Peaks Islander Anne Sibley O’Brien is an esteemed children’s book author and illustrator with numerous titles and awards to her credit. With “In the Shadow of the Sun,” her first novel, she writes for middle-grade readers while keeping to her longstanding themes dealing with multicultural diversity.

“In the Shadow of the Sun” is the story of 12-year-old Mia Andrews, who, along with her older brother, Simon, accompanies her father to North Korea on a special tour. Her father is involved in providing food relief to the starving nation. Mia is South Korean, adopted by the Andrews family as a baby, and returns to the peninsula for the first time on the tour. Her overwhelming observation is that here, “everyone is Korean… Being surrounded by Korean people was surreal… no one noticed her,” unlike back home in Connecticut, where she always gets stared at. In North Korea, it is her father and brother who stand out and garner suspicious looks.

The book is described as a “political escape thriller.” Early in their tour, Mia is presented with a special gift by a North Korean official but told not to open it until they return to America. In the privacy of her hotel room, however, she can’t resist. She opens it to find an elaborate wooden box. Inside the wooden box she finds a North Korean cell phone. Fond of electronic games, she powers it up and starts playing a version of one of her favorite games. Suddenly, the game aborts and photos appear on screen. Horrible photos of oppressive conditions in North Korean work camps, photos of starving and dead people, including children and babies.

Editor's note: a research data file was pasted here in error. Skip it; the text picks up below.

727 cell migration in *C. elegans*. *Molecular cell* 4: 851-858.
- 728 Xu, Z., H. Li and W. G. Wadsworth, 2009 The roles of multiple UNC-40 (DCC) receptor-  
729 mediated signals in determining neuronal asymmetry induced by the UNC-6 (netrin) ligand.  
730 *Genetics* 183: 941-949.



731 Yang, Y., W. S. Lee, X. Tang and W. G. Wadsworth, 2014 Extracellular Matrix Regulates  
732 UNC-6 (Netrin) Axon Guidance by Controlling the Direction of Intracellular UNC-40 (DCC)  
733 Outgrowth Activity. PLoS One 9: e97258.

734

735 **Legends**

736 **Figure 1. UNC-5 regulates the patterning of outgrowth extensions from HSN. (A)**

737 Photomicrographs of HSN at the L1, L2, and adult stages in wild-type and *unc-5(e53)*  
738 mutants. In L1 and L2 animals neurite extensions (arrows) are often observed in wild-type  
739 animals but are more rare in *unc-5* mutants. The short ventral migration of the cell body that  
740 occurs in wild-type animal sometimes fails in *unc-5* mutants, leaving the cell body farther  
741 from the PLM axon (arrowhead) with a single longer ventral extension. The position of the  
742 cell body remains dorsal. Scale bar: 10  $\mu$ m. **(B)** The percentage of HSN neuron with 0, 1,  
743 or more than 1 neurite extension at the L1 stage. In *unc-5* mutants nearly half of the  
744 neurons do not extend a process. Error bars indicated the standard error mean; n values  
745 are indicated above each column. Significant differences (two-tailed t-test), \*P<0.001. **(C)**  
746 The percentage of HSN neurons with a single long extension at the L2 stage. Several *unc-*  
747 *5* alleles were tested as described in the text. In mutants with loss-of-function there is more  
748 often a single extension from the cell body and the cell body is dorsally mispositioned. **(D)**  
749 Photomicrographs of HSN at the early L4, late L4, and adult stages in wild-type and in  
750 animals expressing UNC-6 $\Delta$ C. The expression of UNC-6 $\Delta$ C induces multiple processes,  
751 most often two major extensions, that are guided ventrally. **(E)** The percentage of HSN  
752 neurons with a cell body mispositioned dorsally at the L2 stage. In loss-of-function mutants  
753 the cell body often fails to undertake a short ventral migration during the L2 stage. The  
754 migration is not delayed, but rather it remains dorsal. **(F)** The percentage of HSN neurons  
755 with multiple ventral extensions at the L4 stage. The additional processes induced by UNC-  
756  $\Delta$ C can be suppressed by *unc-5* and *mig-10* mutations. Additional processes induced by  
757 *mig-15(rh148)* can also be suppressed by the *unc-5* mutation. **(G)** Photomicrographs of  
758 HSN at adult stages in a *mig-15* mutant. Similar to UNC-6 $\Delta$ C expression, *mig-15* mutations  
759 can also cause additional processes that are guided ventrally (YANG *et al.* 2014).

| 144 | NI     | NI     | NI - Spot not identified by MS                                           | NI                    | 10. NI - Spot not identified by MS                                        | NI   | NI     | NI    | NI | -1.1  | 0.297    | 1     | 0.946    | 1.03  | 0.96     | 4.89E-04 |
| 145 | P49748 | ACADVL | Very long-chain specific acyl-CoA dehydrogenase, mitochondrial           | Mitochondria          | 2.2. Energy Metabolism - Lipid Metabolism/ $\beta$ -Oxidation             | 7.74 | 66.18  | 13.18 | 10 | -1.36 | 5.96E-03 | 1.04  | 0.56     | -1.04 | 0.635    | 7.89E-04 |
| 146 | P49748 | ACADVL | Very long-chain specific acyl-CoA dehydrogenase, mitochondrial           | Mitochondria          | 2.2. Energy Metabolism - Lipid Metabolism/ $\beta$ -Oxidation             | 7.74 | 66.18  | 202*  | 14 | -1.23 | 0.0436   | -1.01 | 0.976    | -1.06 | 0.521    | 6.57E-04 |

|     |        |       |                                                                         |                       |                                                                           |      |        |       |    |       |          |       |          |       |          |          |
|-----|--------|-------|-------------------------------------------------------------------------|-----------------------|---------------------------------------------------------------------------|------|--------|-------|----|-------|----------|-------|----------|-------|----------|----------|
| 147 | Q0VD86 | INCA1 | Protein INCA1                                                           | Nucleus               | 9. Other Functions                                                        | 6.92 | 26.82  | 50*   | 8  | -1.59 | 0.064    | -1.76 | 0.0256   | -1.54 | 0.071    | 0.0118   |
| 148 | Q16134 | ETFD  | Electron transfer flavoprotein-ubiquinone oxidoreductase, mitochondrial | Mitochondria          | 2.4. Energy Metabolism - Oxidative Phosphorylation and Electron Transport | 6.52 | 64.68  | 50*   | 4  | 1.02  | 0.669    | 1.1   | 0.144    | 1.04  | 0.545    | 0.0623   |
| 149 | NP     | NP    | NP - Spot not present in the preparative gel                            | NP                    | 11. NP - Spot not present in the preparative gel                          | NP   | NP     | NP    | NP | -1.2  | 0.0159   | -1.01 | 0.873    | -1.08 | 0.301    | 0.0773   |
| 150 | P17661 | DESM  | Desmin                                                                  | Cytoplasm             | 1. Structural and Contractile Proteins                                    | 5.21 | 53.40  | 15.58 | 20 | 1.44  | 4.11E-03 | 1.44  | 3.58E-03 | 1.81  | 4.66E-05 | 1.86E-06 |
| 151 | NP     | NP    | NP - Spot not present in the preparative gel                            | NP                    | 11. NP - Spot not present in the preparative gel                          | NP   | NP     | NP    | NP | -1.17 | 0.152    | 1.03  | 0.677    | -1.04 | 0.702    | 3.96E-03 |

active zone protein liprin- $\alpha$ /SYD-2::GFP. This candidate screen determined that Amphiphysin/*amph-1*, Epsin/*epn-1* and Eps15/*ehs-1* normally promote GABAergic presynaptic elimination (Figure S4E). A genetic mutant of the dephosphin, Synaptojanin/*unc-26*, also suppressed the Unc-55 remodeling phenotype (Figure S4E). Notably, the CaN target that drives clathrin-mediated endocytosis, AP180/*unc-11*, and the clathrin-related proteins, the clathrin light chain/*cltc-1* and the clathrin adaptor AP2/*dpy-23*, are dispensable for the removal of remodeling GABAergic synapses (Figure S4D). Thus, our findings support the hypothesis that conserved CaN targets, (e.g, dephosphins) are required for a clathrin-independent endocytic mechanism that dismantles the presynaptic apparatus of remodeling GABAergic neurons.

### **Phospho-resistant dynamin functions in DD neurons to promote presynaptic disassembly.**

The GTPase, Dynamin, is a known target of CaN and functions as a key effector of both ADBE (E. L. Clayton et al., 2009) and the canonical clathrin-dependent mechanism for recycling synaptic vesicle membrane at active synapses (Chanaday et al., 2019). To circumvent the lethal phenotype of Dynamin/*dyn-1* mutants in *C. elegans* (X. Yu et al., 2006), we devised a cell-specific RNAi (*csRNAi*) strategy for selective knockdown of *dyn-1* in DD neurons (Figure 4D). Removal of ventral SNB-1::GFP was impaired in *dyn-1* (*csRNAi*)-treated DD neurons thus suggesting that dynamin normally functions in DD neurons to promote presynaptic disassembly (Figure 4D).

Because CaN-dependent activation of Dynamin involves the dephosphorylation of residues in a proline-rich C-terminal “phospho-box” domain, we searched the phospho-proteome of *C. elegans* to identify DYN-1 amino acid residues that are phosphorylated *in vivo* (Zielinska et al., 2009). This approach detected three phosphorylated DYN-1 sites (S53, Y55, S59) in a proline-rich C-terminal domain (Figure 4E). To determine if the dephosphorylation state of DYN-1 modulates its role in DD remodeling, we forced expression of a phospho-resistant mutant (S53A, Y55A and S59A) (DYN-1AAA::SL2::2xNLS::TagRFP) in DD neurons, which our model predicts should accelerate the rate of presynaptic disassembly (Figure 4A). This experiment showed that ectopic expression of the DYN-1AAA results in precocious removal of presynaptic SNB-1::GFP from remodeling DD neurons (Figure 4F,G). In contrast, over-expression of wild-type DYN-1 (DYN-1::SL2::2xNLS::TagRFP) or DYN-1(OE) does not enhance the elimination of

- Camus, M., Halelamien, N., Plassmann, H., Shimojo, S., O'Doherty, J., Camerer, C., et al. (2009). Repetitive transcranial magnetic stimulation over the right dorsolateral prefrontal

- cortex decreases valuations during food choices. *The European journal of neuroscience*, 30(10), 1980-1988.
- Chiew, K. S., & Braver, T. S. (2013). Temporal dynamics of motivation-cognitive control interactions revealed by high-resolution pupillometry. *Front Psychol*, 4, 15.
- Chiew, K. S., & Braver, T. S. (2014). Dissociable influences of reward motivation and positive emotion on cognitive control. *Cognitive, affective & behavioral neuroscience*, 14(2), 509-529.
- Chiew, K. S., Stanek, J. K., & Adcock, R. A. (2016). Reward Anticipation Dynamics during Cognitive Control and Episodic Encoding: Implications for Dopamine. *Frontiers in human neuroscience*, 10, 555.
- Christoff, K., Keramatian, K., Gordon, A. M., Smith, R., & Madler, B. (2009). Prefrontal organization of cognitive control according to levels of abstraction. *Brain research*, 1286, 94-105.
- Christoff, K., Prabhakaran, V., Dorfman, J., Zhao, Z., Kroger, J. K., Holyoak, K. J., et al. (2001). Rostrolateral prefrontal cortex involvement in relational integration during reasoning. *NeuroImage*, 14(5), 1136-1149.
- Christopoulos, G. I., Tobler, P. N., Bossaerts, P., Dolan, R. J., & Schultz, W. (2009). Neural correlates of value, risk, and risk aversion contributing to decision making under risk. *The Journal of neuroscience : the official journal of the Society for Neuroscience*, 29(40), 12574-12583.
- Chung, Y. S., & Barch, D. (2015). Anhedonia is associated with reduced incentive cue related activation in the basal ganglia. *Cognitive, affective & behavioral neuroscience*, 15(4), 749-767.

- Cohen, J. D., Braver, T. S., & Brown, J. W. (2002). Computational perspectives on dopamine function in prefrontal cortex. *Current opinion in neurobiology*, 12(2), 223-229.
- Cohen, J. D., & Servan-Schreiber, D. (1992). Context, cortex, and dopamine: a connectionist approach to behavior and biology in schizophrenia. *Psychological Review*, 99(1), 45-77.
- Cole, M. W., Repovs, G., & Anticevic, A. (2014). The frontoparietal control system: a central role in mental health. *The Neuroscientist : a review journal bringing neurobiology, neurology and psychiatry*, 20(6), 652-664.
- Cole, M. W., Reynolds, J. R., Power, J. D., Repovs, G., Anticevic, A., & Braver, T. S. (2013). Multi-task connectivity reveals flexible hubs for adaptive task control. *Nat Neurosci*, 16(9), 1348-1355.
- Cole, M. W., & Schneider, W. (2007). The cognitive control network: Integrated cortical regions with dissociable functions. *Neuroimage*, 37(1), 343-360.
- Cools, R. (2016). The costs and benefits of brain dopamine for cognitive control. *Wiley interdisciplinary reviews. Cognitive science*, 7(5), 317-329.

Later, while she and her father and brother tour prominent national sites, she takes her brother aside to show him the photos. From a distant remove from the group, they witness the sudden arrest and abduction of their father. Knowing that they are in grave danger, too, they flee.

Thus begins their high-stakes, daring journey to safety. Compounding the difficulty is that the two siblings are estranged, Simon angry at his sister for supposedly ratting him out for a secret trip he took to attend a concert in New York City. He blames her for his having to come on the trip with their father. Simon is surly and dismissive. Usually acquiescent and deferential to her brother, Mia struggles to assert herself. Slowly, she comes to see herself in a new light. She recognizes the power that comes in being the one who blends in, who speaks Korean from years of classes back home, and because of her keen curiosity about the culture and geography of the country, she’s the one who is critical to their survival.

Anne Sibley O’Brien

“In the Shadow of the Sun” is a compelling thriller gauged to young readers, but is also an incisive and insightful portrait of a closed society that is largely unknown to the world. O’Brien uses short, parallel stories interspersed throughout of ordinary North Korean youth, providing quick portraits of the struggles, hardships and fears of living under repressive totalitarian rule. The portraits are fascinating and illuminating, never didactic or disruptive. O’Brien’s book mirrors the best of mainstream fiction in terms of its power to expand worldviews on complex situations and issues.

The story is well researched, but also comes somewhat naturally to O’Brien, as she spent several years growing up South Korea when her parents worked there as medical missionaries. She also has an adopted daughter who is Korean American. She brings her background and her ample gifts as a storyteller to her first novel, creating a stirring, satisfying read.

Frank O Smith is a Maine writer whose novel, “Dream Singer,” was named a Notable Book of the Year in Literary Fiction in 2014 by Shelf Unbound and was a finalist for the Bellwether Prize, created by best-selling novelist Barbara Kingsolver “in support of a literature of social change.” Smith can be reached via his website:

frankosmithstories.com